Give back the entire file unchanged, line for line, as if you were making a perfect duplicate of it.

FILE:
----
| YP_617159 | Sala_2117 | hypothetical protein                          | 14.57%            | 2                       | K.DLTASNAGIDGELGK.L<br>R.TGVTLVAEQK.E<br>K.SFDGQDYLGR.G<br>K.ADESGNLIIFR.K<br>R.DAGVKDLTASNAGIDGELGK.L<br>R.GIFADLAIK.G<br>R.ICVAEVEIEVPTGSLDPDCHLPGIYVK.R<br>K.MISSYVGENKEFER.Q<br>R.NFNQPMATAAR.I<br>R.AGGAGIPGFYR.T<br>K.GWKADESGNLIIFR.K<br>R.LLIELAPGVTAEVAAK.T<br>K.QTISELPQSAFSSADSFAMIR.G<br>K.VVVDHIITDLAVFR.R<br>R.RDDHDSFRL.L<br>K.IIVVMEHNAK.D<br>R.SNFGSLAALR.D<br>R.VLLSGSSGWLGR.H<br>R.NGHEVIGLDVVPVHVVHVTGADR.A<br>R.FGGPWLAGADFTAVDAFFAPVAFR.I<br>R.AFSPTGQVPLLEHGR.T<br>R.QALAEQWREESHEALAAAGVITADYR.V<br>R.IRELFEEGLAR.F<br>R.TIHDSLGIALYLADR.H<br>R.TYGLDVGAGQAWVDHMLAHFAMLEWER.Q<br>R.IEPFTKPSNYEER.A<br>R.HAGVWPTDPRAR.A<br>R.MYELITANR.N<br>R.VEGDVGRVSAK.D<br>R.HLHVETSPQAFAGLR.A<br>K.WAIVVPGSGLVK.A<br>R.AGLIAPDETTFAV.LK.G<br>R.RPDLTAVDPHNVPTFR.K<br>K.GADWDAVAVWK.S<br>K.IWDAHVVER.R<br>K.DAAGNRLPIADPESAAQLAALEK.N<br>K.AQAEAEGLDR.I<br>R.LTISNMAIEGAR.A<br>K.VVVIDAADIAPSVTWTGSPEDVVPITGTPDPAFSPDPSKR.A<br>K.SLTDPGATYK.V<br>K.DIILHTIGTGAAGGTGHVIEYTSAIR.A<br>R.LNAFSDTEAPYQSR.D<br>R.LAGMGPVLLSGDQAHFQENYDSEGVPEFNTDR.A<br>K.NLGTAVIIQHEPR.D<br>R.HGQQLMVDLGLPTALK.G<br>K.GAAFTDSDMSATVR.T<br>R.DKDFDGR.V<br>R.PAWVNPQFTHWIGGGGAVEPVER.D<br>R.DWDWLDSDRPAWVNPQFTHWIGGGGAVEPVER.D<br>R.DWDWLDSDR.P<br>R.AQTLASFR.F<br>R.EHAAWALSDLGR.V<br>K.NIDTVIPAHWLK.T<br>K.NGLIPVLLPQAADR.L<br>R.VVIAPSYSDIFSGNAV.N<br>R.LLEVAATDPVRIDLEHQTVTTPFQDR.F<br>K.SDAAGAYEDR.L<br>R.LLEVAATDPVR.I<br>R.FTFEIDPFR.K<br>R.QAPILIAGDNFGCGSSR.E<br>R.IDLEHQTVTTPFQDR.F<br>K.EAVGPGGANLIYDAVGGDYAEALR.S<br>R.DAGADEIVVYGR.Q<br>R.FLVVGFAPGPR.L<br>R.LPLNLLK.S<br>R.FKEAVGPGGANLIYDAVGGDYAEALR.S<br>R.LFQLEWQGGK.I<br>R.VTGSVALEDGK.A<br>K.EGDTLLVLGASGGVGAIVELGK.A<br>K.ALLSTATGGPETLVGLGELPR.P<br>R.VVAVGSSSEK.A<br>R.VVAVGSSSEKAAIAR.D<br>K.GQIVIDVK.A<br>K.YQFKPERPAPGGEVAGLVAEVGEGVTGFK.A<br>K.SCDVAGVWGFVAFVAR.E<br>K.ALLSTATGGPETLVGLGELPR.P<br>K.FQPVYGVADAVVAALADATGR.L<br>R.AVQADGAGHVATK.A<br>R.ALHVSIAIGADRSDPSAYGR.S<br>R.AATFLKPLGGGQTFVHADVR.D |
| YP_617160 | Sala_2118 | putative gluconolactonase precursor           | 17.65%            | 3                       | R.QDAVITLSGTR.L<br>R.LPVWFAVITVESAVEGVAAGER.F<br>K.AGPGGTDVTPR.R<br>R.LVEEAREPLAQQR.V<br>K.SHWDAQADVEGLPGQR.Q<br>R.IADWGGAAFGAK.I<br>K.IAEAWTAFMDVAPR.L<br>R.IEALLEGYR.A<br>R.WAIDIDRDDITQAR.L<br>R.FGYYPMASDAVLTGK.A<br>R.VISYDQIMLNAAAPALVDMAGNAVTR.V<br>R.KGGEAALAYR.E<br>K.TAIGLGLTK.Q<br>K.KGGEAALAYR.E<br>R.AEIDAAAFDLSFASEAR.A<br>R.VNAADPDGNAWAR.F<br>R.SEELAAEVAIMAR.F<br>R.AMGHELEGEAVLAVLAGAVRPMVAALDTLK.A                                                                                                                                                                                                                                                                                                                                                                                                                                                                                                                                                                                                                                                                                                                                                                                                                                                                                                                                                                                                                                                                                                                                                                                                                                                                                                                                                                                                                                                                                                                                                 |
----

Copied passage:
| YP_617159 | Sala_2117 | hypothetical protein                          | 14.57%            | 2                       | K.DLTASNAGIDGELGK.L<br>R.TGVTLVAEQK.E<br>K.SFDGQDYLGR.G<br>K.ADESGNLIIFR.K<br>R.DAGVKDLTASNAGIDGELGK.L<br>R.GIFADLAIK.G<br>R.ICVAEVEIEVPTGSLDPDCHLPGIYVK.R<br>K.MISSYVGENKEFER.Q<br>R.NFNQPMATAAR.I<br>R.AGGAGIPGFYR.T<br>K.GWKADESGNLIIFR.K<br>R.LLIELAPGVTAEVAAK.T<br>K.QTISELPQSAFSSADSFAMIR.G<br>K.VVVDHIITDLAVFR.R<br>R.RDDHDSFRL.L<br>K.IIVVMEHNAK.D<br>R.SNFGSLAALR.D<br>R.VLLSGSSGWLGR.H<br>R.NGHEVIGLDVVPVHVVHVTGADR.A<br>R.FGGPWLAGADFTAVDAFFAPVAFR.I<br>R.AFSPTGQVPLLEHGR.T<br>R.QALAEQWREESHEALAAAGVITADYR.V<br>R.IRELFEEGLAR.F<br>R.TIHDSLGIALYLADR.H<br>R.TYGLDVGAGQAWVDHMLAHFAMLEWER.Q<br>R.IEPFTKPSNYEER.A<br>R.HAGVWPTDPRAR.A<br>R.MYELITANR.N<br>R.VEGDVGRVSAK.D<br>R.HLHVETSPQAFAGLR.A<br>K.WAIVVPGSGLVK.A<br>R.AGLIAPDETTFAV.LK.G<br>R.RPDLTAVDPHNVPTFR.K<br>K.GADWDAVAVWK.S<br>K.IWDAHVVER.R<br>K.DAAGNRLPIADPESAAQLAALEK.N<br>K.AQAEAEGLDR.I<br>R.LTISNMAIEGAR.A<br>K.VVVIDAADIAPSVTWTGSPEDVVPITGTPDPAFSPDPSKR.A<br>K.SLTDPGATYK.V<br>K.DIILHTIGTGAAGGTGHVIEYTSAIR.A<br>R.LNAFSDTEAPYQSR.D<br>R.LAGMGPVLLSGDQAHFQENYDSEGVPEFNTDR.A<br>K.NLGTAVIIQHEPR.D<br>R.HGQQLMVDLGLPTALK.G<br>K.GAAFTDSDMSATVR.T<br>R.DKDFDGR.V<br>R.PAWVNPQFTHWIGGGGAVEPVER.D<br>R.DWDWLDSDRPAWVNPQFTHWIGGGGAVEPVER.D<br>R.DWDWLDSDR.P<br>R.AQTLASFR.F<br>R.EHAAWALSDLGR.V<br>K.NIDTVIPAHWLK.T<br>K.NGLIPVLLPQAADR.L<br>R.VVIAPSYSDIFSGNAV.N<br>R.LLEVAATDPVRIDLEHQTVTTPFQDR.F<br>K.SDAAGAYEDR.L<br>R.LLEVAATDPVR.I<br>R.FTFEIDPFR.K<br>R.QAPILIAGDNFGCGSSR.E<br>R.IDLEHQTVTTPFQDR.F<br>K.EAVGPGGANLIYDAVGGDYAEALR.S<br>R.DAGADEIVVYGR.Q<br>R.FLVVGFAPGPR.L<br>R.LPLNLLK.S<br>R.FKEAVGPGGANLIYDAVGGDYAEALR.S<br>R.LFQLEWQGGK.I<br>R.VTGSVALEDGK.A<br>K.EGDTLLVLGASGGVGAIVELGK.A<br>K.ALLSTATGGPETLVGLGELPR.P<br>R.VVAVGSSSEK.A<br>R.VVAVGSSSEKAAIAR.D<br>K.GQIVIDVK.A<br>K.YQFKPERPAPGGEVAGLVAEVGEGVTGFK.A<br>K.SCDVAGVWGFVAFVAR.E<br>K.ALLSTATGGPETLVGLGELPR.P<br>K.FQPVYGVADAVVAALADATGR.L<br>R.AVQADGAGHVATK.A<br>R.ALHVSIAIGADRSDPSAYGR.S<br>R.AATFLKPLGGGQTFVHADVR.D |
| YP_617160 | Sala_2118 | putative gluconolactonase precursor           | 17.65%            | 3                       | R.QDAVITLSGTR.L<br>R.LPVWFAVITVESAVEGVAAGER.F<br>K.AGPGGTDVTPR.R<br>R.LVEEAREPLAQQR.V<br>K.SHWDAQADVEGLPGQR.Q<br>R.IADWGGAAFGAK.I<br>K.IAEAWTAFMDVAPR.L<br>R.IEALLEGYR.A<br>R.WAIDIDRDDITQAR.L<br>R.FGYYPMASDAVLTGK.A<br>R.VISYDQIMLNAAAPALVDMAGNAVTR.V<br>R.KGGEAALAYR.E<br>K.TAIGLGLTK.Q<br>K.KGGEAALAYR.E<br>R.AEIDAAAFDLSFASEAR.A<br>R.VNAADPDGNAWAR.F<br>R.SEELAAEVAIMAR.F<br>R.AMGHELEGEAVLAVLAGAVRPMVAALDTLK.A                                                                                                                                                                                                                                                                                                                                                                                                                                                                                                                                                                                                                                                                                                                                                                                                                                                                                                                                                                                                                                                                                                                                                                                                                                                                                                                                                                                                                                                                                                                                                 |